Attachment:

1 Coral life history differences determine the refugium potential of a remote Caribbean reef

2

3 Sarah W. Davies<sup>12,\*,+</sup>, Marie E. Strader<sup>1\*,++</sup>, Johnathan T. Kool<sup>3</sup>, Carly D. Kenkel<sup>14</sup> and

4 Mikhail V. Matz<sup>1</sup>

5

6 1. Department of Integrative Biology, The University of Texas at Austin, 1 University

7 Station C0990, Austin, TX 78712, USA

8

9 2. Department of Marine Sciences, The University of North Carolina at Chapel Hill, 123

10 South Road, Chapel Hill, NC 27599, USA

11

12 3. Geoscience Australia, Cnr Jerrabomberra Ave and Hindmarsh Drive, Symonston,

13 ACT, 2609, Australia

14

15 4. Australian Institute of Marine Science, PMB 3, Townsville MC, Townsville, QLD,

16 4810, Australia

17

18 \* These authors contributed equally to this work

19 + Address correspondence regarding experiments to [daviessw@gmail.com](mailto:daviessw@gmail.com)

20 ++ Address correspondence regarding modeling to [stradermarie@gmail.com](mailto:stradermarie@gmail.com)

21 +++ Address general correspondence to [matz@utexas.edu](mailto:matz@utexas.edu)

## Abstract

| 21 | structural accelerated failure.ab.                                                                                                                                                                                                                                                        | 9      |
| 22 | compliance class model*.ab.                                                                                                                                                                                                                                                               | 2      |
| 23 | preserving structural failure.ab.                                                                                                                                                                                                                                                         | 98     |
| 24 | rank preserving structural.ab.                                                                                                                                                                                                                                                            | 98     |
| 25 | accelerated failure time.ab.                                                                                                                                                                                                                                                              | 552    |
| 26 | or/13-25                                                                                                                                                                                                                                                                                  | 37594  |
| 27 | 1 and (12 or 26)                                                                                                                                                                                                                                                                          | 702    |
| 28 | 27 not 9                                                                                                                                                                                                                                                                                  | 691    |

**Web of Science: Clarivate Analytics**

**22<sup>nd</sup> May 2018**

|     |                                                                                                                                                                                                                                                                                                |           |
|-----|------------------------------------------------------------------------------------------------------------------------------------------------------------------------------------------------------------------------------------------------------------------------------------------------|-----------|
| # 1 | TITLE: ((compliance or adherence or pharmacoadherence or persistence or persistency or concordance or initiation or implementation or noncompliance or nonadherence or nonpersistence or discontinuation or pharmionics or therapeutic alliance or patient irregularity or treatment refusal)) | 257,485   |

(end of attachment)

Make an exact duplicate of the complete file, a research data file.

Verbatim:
1 Coral life history differences determine the refugium potential of a remote Caribbean reef

2

3 Sarah W. Davies<sup>12,\*,+</sup>, Marie E. Strader<sup>1\*,++</sup>, Johnathan T. Kool<sup>3</sup>, Carly D. Kenkel<sup>14</sup> and

4 Mikhail V. Matz<sup>1</sup>

5

6 1. Department of Integrative Biology, The University of Texas at Austin, 1 University

7 Station C0990, Austin, TX 78712, USA

8

9 2. Department of Marine Sciences, The University of North Carolina at Chapel Hill, 123

10 South Road, Chapel Hill, NC 27599, USA

11

12 3. Geoscience Australia, Cnr Jerrabomberra Ave and Hindmarsh Drive, Symonston,

13 ACT, 2609, Australia

14

15 4. Australian Institute of Marine Science, PMB 3, Townsville MC, Townsville, QLD,

16 4810, Australia

17

18 \* These authors contributed equally to this work

19 + Address correspondence regarding experiments to [daviessw@gmail.com](mailto:daviessw@gmail.com)

20 ++ Address correspondence regarding modeling to [stradermarie@gmail.com](mailto:stradermarie@gmail.com)

21 +++ Address general correspondence to [matz@utexas.edu](mailto:matz@utexas.edu)

## Abstract

| 21 | structural accelerated failure.ab.                                                                                                                                                                                                                                                        | 9      |
| 22 | compliance class model*.ab.                                                                                                                                                                                                                                                               | 2      |
| 23 | preserving structural failure.ab.                                                                                                                                                                                                                                                         | 98     |
| 24 | rank preserving structural.ab.                                                                                                                                                                                                                                                            | 98     |
| 25 | accelerated failure time.ab.                                                                                                                                                                                                                                                              | 552    |
| 26 | or/13-25                                                                                                                                                                                                                                                                                  | 37594  |
| 27 | 1 and (12 or 26)                                                                                                                                                                                                                                                                          | 702    |
| 28 | 27 not 9                                                                                                                                                                                                                                                                                  | 691    |

**Web of Science: Clarivate Analytics**

**22<sup>nd</sup> May 2018**

|     |                                                                                                                                                                                                                                                                                                |           |
|-----|------------------------------------------------------------------------------------------------------------------------------------------------------------------------------------------------------------------------------------------------------------------------------------------------|-----------|
| # 1 | TITLE: ((compliance or adherence or pharmacoadherence or persistence or persistency or concordance or initiation or implementation or noncompliance or nonadherence or nonpersistence or discontinuation or pharmionics or therapeutic alliance or patient irregularity or treatment refusal)) | 257,485   |